Associated Press Greater Milwaukee
WAUWATOSA - A 77-year-old Wisconsin woman died of kidney failure related to E. coli poisoning a week before reports surfaced of a 19-state outbreak connected to bagged spinach that has sickened dozens, her son said Friday.
Marion Graff, of Manitowoc, died of kidney failure Sept. 7 at St. Vincent's Hospital in Green Bay, Russell Graff told The Associated Press. The kidney failure was caused by an E. coli infection, he said.
Health officials are still asking the family questions to determine how his mother, whom he described as active and healthy, contracted E. coli, said Graff, 51, of Fitchburg.
"She liked her lettuce. She liked her spinach. She liked her fresh fruit," he said.
The news was first reported by the Manitowoc Herald Times Reporter, which confirmed the death through the Manitowoc County Health Department after receiving permission from the woman's family.
The department confirmed to The AP that the county had the state's only fatality connected to the outbreak.
The death is the only known one so far in the outbreak, which grew Friday to encompass about 100 cases in 19 states.
Gov. Jim Doyle and the state's health officials raised the number of people affected by the outbreak in Wisconsin to 30 on Friday.
Seventeen cases have resulted in hospitalization, with five of them involving a serious infection, Doyle said at a news conference Friday.
Some people still remained hospitalized as of Friday, said Helene Nelson, secretary of the state's Department of Health and Family Services.
Of the cases in Wisconsin, 24 of them involved women, and the ages ranged from 9 to 84, Doyle said.
Doyle said the cases took place in nine counties. Green and Green Lake counties were added Friday to the list, which also includes Milwaukee, Waukesha, Racine, Ozaukee, Dane, Manitowoc and Outagamie counties. The total of 30 cases reported Friday was up from 20 Thursday.
There are also 21 suspected cases of the disease in Wisconsin, with four of them in the latter stages of confirmation, said Bevan Baker, Milwaukee County Health Department commissioner.
The governor and state health officials said they were working to determine the source of the outbreak by interviewing the affected people about what they ate, where they bought it and when.
That information will be shared with other states and the U.S. Centers for Disease Control and Prevention, Doyle said.
The parents of two young children who they say suffered an infection because of the outbreak filed a lawsuit against Dole Food Co. Friday in U.S. District Court in Milwaukee.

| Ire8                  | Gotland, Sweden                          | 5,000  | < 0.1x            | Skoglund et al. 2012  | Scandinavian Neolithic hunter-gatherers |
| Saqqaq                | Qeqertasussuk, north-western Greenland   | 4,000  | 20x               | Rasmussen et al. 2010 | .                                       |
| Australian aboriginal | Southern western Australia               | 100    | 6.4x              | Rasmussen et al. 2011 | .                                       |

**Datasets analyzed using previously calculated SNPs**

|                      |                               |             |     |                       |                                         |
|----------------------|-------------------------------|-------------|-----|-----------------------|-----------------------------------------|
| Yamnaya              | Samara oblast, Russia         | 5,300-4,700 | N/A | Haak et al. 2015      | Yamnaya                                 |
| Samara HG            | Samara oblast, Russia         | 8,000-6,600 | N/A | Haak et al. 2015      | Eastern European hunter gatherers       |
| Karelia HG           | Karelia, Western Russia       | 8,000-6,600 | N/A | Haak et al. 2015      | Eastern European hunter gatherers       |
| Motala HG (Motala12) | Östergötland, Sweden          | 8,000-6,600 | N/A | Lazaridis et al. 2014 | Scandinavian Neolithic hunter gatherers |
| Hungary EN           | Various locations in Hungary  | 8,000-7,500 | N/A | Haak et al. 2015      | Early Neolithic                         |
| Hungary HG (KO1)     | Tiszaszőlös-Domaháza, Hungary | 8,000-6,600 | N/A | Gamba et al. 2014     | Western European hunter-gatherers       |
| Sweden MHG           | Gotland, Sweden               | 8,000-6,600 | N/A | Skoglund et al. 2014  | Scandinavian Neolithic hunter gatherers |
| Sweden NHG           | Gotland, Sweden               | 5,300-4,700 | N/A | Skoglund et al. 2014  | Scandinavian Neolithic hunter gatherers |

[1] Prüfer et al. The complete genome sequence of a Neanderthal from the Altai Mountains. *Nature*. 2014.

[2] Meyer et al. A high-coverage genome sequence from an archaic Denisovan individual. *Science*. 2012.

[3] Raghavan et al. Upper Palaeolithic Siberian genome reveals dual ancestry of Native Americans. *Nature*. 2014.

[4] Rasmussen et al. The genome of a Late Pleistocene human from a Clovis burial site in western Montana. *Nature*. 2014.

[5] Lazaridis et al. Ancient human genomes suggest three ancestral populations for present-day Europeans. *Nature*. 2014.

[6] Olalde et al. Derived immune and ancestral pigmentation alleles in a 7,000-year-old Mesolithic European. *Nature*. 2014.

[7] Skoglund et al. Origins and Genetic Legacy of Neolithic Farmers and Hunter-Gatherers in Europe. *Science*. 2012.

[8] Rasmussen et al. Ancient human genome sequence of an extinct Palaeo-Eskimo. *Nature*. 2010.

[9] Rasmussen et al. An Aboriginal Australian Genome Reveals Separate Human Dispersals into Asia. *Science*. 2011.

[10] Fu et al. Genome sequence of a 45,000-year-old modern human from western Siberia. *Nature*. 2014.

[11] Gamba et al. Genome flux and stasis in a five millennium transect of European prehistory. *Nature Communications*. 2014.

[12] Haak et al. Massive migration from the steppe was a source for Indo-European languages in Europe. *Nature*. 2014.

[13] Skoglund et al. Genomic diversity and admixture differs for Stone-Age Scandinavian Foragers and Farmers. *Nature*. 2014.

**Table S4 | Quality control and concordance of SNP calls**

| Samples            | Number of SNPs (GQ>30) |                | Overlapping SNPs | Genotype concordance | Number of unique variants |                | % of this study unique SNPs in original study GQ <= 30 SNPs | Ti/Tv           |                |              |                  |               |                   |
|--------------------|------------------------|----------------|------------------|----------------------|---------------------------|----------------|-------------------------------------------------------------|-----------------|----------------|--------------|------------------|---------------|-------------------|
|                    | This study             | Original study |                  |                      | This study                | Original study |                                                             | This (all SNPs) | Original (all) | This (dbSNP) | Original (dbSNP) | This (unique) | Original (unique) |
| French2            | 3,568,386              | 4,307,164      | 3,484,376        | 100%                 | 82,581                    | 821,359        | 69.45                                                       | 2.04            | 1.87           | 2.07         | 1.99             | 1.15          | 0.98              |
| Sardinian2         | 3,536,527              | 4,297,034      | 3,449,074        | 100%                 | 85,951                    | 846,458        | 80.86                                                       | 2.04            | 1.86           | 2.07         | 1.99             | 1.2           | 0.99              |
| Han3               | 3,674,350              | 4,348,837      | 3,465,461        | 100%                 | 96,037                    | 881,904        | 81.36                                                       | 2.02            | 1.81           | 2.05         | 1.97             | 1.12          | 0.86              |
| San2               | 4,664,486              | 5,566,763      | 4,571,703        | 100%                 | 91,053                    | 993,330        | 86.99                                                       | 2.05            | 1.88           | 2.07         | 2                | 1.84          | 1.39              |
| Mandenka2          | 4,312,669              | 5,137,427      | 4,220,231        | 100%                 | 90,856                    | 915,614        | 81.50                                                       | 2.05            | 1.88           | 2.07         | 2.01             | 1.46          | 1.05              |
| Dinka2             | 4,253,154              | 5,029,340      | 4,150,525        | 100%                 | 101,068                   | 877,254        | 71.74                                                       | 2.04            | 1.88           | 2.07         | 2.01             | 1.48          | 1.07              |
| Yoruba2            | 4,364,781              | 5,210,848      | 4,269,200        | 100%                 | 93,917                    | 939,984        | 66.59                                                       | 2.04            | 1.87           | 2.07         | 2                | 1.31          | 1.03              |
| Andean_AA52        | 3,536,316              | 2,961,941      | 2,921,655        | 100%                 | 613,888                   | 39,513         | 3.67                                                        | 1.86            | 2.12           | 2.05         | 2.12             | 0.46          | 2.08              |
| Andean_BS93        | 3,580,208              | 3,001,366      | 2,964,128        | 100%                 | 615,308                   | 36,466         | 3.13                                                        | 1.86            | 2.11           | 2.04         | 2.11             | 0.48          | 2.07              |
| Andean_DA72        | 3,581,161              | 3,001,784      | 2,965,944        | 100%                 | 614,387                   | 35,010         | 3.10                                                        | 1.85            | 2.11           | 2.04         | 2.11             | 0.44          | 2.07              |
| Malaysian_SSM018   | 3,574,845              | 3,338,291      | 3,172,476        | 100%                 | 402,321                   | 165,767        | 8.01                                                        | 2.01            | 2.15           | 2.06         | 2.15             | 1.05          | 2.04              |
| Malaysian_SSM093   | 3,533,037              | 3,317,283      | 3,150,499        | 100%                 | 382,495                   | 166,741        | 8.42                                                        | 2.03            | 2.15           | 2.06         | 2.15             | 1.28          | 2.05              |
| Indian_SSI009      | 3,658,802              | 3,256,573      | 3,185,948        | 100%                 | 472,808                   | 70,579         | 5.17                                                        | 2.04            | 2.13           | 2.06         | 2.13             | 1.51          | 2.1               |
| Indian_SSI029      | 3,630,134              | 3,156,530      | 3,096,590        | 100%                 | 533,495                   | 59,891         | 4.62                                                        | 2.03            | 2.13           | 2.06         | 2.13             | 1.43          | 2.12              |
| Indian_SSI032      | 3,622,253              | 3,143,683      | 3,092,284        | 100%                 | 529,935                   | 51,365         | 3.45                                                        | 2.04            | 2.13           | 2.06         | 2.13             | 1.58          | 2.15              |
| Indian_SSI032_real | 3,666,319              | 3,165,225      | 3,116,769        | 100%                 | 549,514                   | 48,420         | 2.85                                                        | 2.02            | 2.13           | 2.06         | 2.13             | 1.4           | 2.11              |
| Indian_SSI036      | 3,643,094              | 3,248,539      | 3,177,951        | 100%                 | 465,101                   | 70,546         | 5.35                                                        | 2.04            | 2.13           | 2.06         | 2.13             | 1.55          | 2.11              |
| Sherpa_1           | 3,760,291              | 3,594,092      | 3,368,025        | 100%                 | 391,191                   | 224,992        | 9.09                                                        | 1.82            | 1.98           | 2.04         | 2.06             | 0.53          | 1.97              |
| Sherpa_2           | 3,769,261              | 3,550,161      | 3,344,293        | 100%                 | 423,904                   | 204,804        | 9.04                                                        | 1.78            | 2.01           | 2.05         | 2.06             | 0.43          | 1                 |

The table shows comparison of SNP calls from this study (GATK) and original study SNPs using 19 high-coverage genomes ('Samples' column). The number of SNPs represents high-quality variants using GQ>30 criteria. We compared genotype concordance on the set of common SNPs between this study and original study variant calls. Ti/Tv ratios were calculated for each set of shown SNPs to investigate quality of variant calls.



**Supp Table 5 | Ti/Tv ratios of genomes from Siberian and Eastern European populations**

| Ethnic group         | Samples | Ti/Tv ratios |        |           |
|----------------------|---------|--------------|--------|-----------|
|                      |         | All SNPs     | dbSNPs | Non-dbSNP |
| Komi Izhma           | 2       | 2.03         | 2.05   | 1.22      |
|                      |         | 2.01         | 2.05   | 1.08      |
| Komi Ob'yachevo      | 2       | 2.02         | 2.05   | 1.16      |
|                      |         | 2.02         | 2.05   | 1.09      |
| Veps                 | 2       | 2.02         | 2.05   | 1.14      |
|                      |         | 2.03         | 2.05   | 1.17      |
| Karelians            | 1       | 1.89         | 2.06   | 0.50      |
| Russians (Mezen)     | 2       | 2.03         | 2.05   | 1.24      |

Anna and Paul Zientek of Milwaukee are seeking a jury trial and an undetermined amount of damages. They said in court filings that their children were sickened by spinach they ate in salads between Aug. 26 and Aug. 29. Symptoms in David, 6, and Caroline, 2, appeared several days later, resulting in their hospitalization, the filings said.
Both children tested positive for hemolytic uremic syndrome, a serious infection, the filing said. David was released from the hospital on Thursday, while his sister was still hospitalized as of Friday and had to undergo a blood transfusion, the filing said.
The firm of Marler Clark LLP, based in Seattle, filed the lawsuit on behalf of the family in Milwaukee. Also on Friday, the firm filed a lawsuit on behalf of a Salem, Ore., woman against the California-based company, saying she became sick after eating bagged spinach.
Drew Falkenstein, a lawyer with the firm, said they are representing at least eight people across the country and more lawsuits will be coming.
A message left at Dole's offices in California was not immediately returned.
Doyle expressed sadness for the families affected by the outbreak and warned people to be cautious, though he said the number of infections is not that high considering the number of people who eat spinach.
He said people should heed government warnings to throw out their bagged spinach.
"We are telling everyone to get rid of fresh bagged spinach right now. Don't assume anything is over," he said.
Graff's daughter, Leah Duckworth, of Oakland, Calif., told WTMJ-Radio she keeps wondering why her mother died in the outbreak. She warned people to be extra cautious.
"Just wash the vegetables," she said. "Don't eat spinach right now and just be really, really careful. Don't let anything like this happen to anyone else." She said her mother, a retired bank clerk and widow, died rather suddenly.
"It was very quick and I did get to say goodbye to her over the phone and then 10 minutes later she was gone," Duckworth said.